My parents now think they are a burden to me since they know I'm responsible for most of their expenses now, including rent, bills, and daily purchases. My father is thinking about going back to Iraq to work so he can send us money to help with my mother and brother's needs. It really hurts me to see my dad thinking like this; he spent most of his life working hard for us and I was thinking that by bringing him here I can give him the time to think about himself. I can't help after all, and I don't want to be apart from either of my parents now, not for any reason.

Many Iraqis I know talk about how Americans also suffer from unemployment. We sometimes lament our bad luck for coming to the States at this time. We even make jokes about us being a bad omen for this country.

There are too many stories to tell about the Iraqi refugees in America. Stories of old people, young people, and families. All came to the States looking for a better future but still can't believe how hard life is for them here. I have known many Iraqi friends in different cities of America and most of them find it hard or impossible to be part of this country, or at least imagine that they will be American citizens in five years.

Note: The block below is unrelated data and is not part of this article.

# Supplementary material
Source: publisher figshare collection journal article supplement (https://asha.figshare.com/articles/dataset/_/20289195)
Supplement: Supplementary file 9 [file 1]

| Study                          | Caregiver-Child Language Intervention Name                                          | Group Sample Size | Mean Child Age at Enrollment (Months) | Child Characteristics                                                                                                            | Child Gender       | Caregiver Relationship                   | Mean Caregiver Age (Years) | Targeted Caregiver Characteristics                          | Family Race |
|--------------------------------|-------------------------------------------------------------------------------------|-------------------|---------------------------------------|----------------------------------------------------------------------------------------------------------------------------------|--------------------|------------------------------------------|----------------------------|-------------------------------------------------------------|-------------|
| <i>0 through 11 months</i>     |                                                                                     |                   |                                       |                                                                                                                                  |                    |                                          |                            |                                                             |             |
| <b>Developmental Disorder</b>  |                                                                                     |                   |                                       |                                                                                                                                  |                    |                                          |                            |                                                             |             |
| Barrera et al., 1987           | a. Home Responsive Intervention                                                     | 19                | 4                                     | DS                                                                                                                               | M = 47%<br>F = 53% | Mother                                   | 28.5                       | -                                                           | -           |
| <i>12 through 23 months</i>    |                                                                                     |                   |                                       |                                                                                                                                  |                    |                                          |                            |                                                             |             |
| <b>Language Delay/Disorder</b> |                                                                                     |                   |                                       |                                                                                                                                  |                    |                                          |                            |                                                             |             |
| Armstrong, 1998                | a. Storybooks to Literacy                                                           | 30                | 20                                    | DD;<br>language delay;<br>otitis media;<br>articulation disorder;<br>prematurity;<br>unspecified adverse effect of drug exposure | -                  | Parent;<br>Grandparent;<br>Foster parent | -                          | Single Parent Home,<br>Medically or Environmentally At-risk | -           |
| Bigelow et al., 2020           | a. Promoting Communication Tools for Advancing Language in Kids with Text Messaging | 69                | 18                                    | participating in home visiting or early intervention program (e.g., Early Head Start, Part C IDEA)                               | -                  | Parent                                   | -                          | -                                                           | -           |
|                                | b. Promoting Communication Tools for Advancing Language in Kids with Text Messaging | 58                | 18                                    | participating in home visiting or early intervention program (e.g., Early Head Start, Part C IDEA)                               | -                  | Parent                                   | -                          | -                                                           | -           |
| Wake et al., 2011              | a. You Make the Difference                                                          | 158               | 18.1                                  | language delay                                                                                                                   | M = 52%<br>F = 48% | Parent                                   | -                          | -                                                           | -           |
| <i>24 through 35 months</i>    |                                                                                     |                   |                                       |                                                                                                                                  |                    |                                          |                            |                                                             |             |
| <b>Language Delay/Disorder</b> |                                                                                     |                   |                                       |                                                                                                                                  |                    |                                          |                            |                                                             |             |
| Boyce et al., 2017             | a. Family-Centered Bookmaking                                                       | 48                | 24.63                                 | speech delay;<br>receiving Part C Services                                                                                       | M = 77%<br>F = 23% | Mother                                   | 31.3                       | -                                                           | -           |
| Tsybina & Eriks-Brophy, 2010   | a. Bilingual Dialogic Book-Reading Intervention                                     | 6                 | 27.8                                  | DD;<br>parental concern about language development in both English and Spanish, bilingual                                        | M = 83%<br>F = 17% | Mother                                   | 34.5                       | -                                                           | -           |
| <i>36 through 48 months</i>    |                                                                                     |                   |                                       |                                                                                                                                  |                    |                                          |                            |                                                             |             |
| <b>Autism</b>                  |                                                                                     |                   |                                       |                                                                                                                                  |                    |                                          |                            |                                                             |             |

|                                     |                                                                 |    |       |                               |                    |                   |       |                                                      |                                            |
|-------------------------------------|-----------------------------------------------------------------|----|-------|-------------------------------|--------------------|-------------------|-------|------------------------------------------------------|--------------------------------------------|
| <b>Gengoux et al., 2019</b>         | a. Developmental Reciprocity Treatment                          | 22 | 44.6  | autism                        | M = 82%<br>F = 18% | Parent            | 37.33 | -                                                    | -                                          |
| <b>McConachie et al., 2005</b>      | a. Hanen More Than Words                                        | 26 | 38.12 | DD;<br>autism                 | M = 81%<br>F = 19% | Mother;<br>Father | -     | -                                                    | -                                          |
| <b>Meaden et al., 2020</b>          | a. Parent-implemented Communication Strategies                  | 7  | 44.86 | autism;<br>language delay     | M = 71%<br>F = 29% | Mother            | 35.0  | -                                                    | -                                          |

I have to say that I haven't seen or heard any Iraqi complaints about cultural differences or any other issue related to our traditions or religion We all find that this country is truly the "land of freedom" in all its meanings. The American people are also very nice and polite and none of the Iraqis I know have ever complained about bad treatment.

The adjustment for old people and those who don't speak English is harder than it is for me. With this country’s current high rate of unemployment, it is nearly impossible to find a job, especially for those Iraqis with no English or elevated qualifications. The irony of the whole thing is that a lot of the Iraqi refugees here in the States are working or wanting to work as security guards for a country that was unable over the last past six years to provide security to their own country!

As for me, with a bachelor's degree, at a good age, and having served the U.S Army in Iraq in addition to working with The New York Times as a local reporter, I could barely find a job in a seafood restaurant. My sacrifice helping the U.S. Army and media organizations has not paid off financially here, but it has helped help me establish good relationships and to receive occasional words of commendation.